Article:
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Goldcrest Poll Results

If you follow me on Facebook or Twitter you may have spotted a little quiz where you got to decide which of the spectrograms below is a real Goldcrest.

Twitter Results

Twitter Results

Facebook Result

Facebook Result

Test ID Sepctogram.jpg

Well, the results were pretty unanimous on both Twitter and Facebook. The majority of people thought that B was the real Goldcrest. Well I’m quite happy with that result, as the answer was in fact A !!!

So far I’m yet to find a Firecrest that’s been able to produce the Goldcrest song with 4 notes per phrase. It’s the last note of each phrase that appears to be the most challenging for the Firecrest.

Firecrest Mimic

I’ll leave you with a picture of a lovely Froglet, one of many covering the woodland flower at the moment that’s plastered with Bluebells. It’s going to be a good season by the looks.

Common Frog Bluebells 28th April.jpg

Beetles and Butterflies

I set out today with the intent to find Oil Beetles. A specialist species that are in major decline across the country. There are a few different species, all of which are pretty rare but the most commonly found is the Violet Oil-beetle, which is the only species I’ve managed to find myself so far. A quick walk around the site and I didn’t spot any, but upon getting back to the car I’d realised I must have dropped my sunglasses…. AGAIN! so I retraced my steps and this time, it turned out to be a good thing, as not only did I re-locate my glasses but I stumbled upon 3 adult female Oil-beetles AND thousands of larvae on their food plant, lesser celandine. These Oil Beetles must have been laying eggs really early this year for there to be so many larvae hatching already. That warm weather in February must have made them come out early as I wouldn’t usually find them out till April in this location. I’ve probably mentioned it before, but the lifestyle of these beetles is incredible. They are what we like to call a ‘symbiotic’ or a more accurate discription would be a parasitic species, which means their life is dependant upon another species. In this beetles case, they are dependant upon the life cycle of solitary mining bee’s, which, as their names suggests, burrow into the ground to make their nest. It’s then the female Oil-beetles job to find those nests and to burrow into them to lay her own eggs inside. When the eggs hatch, her larvae then eat the eggs of the Bee’s and the pollen supplies collected by the bees and once that supply is gone, they latch onto the bee’s like a parasite, for the bee’s to drop them off to the flowers from which the larvae use the bee’s to fly them to new flowers once they’ve exhausted the pollen supplies. This process can happen a few times too, as the bees could take the larvae back to a different nest.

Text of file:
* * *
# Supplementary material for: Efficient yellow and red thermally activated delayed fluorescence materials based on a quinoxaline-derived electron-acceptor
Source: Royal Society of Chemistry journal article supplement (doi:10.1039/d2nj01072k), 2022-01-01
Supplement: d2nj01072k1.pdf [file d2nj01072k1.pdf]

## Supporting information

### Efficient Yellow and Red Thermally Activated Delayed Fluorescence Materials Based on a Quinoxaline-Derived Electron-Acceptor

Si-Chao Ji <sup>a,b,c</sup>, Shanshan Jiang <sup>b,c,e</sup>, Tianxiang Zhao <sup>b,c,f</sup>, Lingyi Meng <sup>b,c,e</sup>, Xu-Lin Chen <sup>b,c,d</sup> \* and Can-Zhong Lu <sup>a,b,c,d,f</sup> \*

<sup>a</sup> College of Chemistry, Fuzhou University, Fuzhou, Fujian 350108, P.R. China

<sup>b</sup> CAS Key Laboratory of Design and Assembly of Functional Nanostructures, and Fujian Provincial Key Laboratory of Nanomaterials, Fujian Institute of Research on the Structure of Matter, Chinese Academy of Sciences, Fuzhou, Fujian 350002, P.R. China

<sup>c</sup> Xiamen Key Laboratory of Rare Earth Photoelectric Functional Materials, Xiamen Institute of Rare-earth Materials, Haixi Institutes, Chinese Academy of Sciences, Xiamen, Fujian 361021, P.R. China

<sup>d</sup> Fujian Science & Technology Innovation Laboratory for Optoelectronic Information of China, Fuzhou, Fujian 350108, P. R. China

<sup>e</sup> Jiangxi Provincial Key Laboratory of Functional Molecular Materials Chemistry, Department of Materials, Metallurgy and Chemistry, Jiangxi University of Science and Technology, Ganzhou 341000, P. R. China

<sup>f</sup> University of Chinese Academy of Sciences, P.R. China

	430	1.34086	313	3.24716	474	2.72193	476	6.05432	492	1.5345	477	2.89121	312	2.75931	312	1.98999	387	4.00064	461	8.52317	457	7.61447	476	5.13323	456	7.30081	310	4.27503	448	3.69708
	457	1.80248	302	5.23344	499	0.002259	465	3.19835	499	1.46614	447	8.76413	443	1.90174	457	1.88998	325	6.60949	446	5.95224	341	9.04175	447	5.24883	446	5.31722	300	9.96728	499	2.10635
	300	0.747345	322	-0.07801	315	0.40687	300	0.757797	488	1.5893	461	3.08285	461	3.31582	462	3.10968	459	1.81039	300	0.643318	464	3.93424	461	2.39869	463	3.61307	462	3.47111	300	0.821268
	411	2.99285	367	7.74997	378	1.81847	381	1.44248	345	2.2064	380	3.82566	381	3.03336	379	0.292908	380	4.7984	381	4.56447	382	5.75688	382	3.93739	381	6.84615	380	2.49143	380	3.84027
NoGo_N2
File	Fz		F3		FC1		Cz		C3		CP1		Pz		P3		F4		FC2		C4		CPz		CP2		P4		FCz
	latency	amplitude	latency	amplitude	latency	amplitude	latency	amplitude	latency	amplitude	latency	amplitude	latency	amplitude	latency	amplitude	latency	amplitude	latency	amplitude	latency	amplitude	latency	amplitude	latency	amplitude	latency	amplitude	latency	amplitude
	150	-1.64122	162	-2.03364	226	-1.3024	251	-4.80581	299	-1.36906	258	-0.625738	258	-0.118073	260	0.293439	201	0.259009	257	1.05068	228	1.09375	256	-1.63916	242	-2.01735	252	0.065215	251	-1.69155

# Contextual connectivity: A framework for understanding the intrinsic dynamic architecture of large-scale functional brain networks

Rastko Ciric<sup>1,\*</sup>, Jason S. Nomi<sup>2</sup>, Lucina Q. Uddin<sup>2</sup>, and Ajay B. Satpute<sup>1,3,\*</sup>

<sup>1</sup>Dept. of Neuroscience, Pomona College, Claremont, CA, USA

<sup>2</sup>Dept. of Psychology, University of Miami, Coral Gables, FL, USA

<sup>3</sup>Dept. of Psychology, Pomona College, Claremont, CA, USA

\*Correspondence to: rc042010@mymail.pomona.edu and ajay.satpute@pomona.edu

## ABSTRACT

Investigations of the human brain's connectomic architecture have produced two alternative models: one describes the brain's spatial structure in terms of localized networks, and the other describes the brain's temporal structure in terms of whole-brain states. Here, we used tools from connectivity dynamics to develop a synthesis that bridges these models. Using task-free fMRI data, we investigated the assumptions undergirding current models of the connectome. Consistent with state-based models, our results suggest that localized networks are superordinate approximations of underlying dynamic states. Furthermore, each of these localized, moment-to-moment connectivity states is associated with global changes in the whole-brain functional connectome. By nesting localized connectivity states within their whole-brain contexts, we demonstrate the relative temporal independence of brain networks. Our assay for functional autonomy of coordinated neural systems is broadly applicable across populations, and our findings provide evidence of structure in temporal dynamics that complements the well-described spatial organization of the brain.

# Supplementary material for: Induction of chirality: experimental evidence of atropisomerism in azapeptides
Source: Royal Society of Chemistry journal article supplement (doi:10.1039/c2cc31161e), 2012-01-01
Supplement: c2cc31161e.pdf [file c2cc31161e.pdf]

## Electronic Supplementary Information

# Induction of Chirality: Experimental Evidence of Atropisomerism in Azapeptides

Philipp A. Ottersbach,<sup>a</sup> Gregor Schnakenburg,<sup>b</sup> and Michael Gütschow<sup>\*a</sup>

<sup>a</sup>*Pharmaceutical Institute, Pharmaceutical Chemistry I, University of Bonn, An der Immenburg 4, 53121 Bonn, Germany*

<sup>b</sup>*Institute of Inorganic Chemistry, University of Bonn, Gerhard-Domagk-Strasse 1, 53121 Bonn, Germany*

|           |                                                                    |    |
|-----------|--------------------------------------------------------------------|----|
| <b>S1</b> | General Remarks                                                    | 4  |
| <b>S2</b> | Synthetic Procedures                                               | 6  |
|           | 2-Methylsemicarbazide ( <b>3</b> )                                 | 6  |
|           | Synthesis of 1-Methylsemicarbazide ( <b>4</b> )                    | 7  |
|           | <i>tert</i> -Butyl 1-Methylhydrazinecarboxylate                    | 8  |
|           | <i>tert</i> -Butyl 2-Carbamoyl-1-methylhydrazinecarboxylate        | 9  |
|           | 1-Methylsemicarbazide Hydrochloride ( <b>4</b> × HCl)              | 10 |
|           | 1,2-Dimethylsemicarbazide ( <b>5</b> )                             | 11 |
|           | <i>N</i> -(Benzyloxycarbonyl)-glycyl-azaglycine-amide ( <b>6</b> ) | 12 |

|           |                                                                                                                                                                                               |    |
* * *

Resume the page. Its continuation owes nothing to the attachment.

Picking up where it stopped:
Just incredible! If you’d like to learn more about the other species of Oil Beetle, check out this PDF put together by Buglife.

Other species noted were Gorse Shieldbug, Bronze Shieldbug, Spotted Sedge Caddisfly ( Likely Polycentropus flavomaculatus), Brimstone, Orange-tip, Peacock and Small Tortoiseshell Butterflies.